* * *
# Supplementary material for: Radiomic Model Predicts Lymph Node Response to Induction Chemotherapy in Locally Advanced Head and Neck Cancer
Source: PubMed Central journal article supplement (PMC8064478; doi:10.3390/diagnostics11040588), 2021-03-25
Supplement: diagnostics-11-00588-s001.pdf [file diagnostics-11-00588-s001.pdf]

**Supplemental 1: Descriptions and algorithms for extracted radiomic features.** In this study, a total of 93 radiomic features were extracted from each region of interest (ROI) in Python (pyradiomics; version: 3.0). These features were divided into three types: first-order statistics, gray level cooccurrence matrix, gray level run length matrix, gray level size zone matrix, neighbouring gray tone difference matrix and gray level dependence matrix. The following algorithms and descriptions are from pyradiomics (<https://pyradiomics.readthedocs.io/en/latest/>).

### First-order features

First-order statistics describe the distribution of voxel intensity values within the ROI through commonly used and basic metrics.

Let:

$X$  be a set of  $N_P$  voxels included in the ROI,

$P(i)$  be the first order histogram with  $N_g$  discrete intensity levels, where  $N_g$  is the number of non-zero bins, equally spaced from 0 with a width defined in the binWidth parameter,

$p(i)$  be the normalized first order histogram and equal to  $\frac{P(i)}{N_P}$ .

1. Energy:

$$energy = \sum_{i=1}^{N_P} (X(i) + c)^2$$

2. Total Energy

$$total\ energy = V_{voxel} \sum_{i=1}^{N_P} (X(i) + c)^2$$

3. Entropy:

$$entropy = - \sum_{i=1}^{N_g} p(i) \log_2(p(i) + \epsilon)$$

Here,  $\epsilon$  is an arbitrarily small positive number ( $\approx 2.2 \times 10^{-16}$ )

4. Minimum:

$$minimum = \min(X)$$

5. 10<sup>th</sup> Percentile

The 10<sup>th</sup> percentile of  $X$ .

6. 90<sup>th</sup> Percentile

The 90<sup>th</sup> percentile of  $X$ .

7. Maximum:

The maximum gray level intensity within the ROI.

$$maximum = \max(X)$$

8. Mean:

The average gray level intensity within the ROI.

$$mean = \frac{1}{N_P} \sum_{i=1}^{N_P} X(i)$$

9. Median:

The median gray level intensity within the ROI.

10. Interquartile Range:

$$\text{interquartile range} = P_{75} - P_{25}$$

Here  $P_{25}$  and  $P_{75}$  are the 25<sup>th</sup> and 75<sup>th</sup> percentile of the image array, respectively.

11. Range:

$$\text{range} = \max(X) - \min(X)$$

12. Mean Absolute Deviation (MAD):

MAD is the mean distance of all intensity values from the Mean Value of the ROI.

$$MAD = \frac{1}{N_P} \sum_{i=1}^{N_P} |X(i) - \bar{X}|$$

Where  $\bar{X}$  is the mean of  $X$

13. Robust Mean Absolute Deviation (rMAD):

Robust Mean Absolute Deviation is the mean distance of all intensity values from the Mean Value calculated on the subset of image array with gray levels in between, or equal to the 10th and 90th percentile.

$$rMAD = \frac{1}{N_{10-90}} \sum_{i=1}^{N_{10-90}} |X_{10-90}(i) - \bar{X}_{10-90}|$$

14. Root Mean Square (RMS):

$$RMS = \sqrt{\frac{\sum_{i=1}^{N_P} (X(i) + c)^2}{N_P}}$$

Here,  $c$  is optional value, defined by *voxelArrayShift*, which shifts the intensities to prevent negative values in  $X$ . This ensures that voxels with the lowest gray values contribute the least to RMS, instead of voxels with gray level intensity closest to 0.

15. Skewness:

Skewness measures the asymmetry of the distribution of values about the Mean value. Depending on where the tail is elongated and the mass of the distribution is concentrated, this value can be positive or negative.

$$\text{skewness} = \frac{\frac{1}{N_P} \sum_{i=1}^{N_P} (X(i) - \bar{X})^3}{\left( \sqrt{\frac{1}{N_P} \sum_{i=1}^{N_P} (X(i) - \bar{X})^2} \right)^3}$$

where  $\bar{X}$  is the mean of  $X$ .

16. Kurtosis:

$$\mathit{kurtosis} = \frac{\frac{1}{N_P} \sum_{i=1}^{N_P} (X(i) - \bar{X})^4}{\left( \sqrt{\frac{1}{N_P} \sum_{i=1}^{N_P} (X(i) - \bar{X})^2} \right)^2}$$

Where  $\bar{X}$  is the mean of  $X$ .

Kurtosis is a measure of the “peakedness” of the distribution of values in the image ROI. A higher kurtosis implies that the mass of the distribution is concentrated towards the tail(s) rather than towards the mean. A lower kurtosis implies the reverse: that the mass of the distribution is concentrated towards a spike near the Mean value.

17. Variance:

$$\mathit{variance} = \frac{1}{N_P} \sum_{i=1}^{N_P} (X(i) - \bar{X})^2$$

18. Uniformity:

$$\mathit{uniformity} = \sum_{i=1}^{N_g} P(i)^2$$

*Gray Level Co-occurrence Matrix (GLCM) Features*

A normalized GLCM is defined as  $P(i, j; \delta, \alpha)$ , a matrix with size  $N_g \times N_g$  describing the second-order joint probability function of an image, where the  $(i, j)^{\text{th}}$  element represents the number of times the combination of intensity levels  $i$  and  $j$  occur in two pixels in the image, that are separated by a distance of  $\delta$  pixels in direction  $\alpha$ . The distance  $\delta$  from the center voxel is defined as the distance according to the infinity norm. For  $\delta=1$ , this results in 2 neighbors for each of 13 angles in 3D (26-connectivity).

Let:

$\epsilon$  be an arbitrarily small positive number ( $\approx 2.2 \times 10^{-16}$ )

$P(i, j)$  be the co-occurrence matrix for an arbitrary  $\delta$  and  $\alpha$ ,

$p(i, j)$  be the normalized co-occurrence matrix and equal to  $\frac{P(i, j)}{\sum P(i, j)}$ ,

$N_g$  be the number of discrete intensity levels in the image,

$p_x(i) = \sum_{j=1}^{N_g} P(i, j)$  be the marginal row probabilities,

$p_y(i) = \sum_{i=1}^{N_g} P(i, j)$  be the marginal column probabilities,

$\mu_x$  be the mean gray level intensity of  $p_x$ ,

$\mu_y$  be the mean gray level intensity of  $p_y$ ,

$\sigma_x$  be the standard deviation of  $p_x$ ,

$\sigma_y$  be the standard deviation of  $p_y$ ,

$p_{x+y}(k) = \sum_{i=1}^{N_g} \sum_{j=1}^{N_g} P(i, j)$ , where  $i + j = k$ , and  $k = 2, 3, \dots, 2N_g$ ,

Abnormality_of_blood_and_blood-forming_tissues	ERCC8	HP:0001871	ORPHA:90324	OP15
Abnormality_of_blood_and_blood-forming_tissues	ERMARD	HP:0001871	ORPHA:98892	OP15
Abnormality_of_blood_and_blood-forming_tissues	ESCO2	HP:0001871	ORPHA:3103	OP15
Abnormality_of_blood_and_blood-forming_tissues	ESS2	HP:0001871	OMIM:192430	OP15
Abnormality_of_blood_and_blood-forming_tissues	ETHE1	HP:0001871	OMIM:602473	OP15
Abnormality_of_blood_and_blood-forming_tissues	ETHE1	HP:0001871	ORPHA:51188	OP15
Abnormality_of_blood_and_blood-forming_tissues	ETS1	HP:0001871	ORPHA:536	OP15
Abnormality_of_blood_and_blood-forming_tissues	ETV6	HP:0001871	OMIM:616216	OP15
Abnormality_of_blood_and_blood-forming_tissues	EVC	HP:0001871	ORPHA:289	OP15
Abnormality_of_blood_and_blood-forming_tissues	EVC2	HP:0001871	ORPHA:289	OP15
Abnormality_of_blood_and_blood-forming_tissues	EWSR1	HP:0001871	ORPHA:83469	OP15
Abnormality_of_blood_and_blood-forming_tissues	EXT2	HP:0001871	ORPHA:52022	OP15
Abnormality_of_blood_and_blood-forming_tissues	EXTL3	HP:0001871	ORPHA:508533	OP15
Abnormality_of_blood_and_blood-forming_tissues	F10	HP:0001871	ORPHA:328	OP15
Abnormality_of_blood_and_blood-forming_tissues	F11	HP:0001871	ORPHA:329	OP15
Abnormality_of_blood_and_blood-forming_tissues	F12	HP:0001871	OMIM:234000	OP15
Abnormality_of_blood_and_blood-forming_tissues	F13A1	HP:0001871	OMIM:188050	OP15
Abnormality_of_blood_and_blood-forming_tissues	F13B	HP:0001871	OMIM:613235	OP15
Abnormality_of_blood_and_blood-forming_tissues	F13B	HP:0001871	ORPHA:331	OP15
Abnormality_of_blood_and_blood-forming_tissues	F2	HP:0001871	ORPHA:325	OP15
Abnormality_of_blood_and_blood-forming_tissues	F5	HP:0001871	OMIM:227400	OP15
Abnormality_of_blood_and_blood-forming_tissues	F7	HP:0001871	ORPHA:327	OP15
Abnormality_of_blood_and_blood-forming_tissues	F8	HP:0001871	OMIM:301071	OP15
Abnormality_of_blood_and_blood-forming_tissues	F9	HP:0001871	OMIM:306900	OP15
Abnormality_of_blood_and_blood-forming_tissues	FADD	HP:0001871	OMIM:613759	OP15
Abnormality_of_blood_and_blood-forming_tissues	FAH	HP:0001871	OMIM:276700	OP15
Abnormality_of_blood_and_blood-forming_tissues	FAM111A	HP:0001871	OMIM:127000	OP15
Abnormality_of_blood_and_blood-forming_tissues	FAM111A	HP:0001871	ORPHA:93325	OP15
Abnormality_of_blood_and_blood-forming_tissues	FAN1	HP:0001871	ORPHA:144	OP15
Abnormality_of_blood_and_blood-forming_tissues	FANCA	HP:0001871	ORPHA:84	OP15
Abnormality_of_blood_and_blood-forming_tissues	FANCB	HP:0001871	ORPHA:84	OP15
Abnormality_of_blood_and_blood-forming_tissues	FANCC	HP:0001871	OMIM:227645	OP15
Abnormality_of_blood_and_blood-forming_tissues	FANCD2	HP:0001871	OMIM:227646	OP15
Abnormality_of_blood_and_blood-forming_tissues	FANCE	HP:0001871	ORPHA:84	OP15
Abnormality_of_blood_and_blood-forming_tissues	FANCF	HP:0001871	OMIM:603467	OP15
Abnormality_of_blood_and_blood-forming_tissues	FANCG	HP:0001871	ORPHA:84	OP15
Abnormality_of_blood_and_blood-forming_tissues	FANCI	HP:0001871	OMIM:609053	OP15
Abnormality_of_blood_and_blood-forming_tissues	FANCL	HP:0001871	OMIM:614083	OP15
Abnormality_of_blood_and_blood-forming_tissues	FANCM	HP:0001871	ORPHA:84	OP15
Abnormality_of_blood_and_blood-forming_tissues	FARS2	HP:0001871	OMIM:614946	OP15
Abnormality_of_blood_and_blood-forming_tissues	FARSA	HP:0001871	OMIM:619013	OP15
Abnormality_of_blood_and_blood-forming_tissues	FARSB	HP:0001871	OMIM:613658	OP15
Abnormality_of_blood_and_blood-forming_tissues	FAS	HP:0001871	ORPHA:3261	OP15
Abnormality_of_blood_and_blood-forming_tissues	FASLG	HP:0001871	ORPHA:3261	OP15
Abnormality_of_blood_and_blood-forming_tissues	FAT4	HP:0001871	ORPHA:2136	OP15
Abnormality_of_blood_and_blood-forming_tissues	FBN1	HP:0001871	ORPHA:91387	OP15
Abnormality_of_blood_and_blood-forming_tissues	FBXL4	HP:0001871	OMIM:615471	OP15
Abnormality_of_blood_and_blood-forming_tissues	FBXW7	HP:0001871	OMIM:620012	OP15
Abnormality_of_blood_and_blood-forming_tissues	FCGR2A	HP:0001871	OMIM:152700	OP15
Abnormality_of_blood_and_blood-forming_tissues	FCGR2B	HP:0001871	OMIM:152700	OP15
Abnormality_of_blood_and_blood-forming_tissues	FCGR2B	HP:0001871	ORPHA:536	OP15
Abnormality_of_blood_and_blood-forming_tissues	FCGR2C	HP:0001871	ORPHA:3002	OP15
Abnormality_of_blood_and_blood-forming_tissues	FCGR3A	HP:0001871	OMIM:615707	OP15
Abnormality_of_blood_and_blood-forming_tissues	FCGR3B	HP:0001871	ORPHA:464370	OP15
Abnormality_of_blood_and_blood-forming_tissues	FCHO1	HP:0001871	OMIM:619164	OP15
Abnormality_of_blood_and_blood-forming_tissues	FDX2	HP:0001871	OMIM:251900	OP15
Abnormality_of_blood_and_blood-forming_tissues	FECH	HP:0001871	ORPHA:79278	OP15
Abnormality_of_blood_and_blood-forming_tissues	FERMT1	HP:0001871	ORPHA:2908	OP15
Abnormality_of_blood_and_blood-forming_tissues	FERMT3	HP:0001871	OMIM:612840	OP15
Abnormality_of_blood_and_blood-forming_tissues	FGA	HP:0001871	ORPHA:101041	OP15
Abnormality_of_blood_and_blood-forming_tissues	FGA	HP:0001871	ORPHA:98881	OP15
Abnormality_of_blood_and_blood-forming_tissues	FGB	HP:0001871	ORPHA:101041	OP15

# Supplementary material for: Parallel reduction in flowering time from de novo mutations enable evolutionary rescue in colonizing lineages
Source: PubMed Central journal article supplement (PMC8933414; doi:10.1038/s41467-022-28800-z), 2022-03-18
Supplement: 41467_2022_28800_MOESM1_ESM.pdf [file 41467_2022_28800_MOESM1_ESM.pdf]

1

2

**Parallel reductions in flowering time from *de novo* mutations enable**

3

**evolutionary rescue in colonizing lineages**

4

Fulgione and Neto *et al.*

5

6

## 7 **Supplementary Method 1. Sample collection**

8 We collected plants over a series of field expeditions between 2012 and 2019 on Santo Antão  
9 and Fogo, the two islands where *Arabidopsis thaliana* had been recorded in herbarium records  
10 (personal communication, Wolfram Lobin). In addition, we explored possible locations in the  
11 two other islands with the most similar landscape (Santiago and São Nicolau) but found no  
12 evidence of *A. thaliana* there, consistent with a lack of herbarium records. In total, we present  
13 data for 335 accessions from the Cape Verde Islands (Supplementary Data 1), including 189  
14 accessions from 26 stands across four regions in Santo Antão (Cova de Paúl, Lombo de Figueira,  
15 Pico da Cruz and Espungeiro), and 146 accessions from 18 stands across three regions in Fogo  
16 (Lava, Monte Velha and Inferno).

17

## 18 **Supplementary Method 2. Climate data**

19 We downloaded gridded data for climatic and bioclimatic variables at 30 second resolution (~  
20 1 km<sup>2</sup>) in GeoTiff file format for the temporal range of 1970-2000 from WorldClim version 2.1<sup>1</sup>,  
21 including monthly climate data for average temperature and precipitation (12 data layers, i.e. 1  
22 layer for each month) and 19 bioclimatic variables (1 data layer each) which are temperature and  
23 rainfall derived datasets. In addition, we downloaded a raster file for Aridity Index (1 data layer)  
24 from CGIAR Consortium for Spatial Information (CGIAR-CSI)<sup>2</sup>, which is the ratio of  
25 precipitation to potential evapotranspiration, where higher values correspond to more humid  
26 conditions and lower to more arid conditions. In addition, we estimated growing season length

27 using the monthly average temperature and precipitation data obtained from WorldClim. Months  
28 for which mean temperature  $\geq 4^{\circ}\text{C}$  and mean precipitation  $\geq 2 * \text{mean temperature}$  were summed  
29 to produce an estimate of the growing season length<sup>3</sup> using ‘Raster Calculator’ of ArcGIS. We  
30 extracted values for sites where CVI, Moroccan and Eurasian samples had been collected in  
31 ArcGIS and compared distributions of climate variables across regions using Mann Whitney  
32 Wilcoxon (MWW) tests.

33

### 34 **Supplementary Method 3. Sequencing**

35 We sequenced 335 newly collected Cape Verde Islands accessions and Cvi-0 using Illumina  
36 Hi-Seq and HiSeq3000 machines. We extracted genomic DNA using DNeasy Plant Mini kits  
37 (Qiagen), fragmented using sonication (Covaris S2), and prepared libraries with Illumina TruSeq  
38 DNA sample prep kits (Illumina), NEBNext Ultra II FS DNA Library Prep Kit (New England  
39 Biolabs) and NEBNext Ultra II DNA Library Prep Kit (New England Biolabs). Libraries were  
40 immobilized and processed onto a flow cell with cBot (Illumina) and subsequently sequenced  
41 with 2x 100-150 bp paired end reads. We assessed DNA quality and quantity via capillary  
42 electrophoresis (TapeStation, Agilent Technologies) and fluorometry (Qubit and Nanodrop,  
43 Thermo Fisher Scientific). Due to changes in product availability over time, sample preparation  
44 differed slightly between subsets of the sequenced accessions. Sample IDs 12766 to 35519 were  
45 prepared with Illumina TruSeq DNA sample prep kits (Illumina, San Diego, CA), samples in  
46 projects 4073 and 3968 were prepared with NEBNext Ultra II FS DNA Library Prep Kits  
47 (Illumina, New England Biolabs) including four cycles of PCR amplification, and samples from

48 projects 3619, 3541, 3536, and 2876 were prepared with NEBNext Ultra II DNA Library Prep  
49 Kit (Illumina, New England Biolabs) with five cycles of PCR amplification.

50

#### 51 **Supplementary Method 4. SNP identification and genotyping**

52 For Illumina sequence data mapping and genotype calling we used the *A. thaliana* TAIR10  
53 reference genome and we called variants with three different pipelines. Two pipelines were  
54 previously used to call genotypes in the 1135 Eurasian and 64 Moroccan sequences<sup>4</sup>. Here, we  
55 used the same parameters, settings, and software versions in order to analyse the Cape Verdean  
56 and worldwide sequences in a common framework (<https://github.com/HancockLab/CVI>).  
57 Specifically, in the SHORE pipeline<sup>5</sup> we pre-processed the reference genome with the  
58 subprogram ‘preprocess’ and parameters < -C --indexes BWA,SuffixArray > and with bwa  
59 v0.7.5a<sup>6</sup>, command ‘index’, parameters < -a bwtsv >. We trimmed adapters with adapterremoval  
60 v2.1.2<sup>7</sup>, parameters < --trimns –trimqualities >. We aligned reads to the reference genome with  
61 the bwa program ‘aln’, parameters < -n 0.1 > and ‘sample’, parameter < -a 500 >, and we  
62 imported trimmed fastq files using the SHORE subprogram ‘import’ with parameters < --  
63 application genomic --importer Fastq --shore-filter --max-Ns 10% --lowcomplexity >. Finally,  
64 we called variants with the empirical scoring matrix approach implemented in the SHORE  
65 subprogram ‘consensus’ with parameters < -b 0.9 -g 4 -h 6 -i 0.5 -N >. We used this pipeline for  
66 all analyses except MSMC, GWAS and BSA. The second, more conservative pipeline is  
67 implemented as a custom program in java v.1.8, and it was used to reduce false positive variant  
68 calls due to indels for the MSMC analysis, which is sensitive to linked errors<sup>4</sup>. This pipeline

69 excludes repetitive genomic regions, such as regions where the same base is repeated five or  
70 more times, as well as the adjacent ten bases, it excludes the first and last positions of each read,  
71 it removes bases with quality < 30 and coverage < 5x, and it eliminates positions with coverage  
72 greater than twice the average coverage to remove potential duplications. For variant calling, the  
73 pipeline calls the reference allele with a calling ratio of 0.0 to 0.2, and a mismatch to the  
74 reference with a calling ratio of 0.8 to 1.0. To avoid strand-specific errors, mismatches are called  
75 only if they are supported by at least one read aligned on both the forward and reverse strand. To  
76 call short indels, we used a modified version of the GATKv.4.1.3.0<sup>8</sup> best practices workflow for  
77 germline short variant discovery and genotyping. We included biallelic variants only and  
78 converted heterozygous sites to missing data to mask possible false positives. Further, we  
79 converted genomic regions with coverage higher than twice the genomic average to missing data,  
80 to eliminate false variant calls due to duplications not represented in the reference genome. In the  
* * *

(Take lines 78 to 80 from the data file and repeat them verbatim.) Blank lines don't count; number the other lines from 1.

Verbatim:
Abnormality_of_blood_and_blood-forming_tissues	ETHE1	HP:0001871	ORPHA:51188	OP15
Abnormality_of_blood_and_blood-forming_tissues	ETS1	HP:0001871	ORPHA:536	OP15
Abnormality_of_blood_and_blood-forming_tissues	ETV6	HP:0001871	OMIM:616216	OP15